10answers
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### What is the Earth truly rotating about/revolving around?

Earth rotates on its axis and revolves around the sun, the sun revolves around the galaxy, the galaxy is also moving. So Earth's net rotation as observed from a fixed inertial frame consists of all ...
6answers
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### How does a spinning object “know” that it is spinning?

I am constructing a thought experiment about a spinning object that is floating in intergalactic space. I assume that this object is about the size of a planet so that it will have enough gravity so ...
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### Hole-and-nail paradox in special relativity

Yesterday we started relativity on our physics class, and my professor taught us a few concepts. We did some examples on how things changed by looking them from different reference systems, and a ...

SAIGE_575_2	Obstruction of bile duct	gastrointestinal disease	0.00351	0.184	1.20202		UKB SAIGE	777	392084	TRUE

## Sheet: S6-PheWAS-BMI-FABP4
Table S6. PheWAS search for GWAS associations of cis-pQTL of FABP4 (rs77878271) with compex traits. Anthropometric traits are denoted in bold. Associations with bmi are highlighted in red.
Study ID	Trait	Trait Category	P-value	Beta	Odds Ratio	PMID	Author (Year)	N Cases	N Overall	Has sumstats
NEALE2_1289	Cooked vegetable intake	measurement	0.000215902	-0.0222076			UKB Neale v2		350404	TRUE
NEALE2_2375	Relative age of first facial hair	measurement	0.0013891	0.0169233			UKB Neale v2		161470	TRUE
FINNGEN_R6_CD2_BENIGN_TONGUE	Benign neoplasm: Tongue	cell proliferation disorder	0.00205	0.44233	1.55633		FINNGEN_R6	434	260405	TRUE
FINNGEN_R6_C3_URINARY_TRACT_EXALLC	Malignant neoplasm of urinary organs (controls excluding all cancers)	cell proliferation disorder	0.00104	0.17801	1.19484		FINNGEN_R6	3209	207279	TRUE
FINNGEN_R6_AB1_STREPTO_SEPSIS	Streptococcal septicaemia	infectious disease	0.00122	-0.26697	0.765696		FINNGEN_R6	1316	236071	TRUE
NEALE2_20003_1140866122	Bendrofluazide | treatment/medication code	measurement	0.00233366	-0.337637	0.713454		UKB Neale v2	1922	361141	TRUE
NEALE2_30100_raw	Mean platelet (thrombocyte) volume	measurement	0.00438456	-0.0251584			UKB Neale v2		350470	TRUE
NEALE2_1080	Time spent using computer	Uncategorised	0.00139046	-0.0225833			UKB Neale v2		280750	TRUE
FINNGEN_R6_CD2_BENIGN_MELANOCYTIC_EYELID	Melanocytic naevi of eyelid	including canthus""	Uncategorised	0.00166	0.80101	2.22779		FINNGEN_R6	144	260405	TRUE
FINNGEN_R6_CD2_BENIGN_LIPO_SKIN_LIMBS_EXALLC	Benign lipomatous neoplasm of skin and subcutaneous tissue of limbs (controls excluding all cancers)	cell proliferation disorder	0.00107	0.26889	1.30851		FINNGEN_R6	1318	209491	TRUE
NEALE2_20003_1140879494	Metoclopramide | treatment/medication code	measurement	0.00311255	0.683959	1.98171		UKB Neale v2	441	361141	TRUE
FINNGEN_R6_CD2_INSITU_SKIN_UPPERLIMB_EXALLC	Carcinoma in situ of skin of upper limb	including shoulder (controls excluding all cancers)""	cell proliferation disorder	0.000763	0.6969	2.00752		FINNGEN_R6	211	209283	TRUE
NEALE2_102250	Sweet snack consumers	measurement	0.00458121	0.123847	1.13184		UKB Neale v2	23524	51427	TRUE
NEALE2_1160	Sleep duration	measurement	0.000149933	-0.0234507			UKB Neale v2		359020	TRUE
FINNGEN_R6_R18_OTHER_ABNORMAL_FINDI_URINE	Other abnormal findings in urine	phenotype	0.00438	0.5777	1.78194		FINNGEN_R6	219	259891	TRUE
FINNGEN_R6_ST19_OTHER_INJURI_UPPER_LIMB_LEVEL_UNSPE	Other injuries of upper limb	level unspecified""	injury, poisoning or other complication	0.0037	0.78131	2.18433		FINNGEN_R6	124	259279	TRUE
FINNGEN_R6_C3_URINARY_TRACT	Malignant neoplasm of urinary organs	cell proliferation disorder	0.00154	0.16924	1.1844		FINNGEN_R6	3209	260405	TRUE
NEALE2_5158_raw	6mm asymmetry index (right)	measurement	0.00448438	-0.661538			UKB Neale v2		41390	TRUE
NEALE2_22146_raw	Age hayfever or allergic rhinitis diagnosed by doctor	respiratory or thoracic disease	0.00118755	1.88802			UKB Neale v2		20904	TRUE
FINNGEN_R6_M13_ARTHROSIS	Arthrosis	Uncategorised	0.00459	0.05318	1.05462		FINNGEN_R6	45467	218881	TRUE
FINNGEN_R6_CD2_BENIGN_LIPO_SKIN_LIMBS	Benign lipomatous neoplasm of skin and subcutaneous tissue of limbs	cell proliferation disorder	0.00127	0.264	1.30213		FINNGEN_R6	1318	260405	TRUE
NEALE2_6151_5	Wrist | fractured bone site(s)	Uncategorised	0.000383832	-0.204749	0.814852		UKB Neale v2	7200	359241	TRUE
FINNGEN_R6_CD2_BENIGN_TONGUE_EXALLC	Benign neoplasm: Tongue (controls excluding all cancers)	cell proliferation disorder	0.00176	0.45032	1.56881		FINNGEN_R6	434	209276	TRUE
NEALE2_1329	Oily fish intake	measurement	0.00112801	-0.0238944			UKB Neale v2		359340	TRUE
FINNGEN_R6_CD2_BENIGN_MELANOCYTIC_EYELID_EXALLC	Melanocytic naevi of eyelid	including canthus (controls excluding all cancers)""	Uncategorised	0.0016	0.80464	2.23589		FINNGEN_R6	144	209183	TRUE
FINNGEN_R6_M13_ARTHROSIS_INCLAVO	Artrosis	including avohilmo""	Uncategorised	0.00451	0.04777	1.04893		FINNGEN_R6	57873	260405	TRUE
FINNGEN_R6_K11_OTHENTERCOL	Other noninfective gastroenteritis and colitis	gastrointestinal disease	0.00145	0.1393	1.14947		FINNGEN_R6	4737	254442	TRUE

5answers
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### Is it possible to stay up while riding a bike on a moving sidewalk without actually moving?

If I ride a bicycle on a moving sidewalk so that I am not in effect moving at all relative to the ground, will I fall over?
3answers
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### Oh-my-god particle: How can it get through Milky way in 10 seconds?

My question is concerning wikipedia article on Oh-my-God particle, to be precise, this paragraph: This particle had so much kinetic energy it was travelling at 99.99999999999999999999951% the ...
7answers
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### Why does rotation simulate gravity if motion is relative?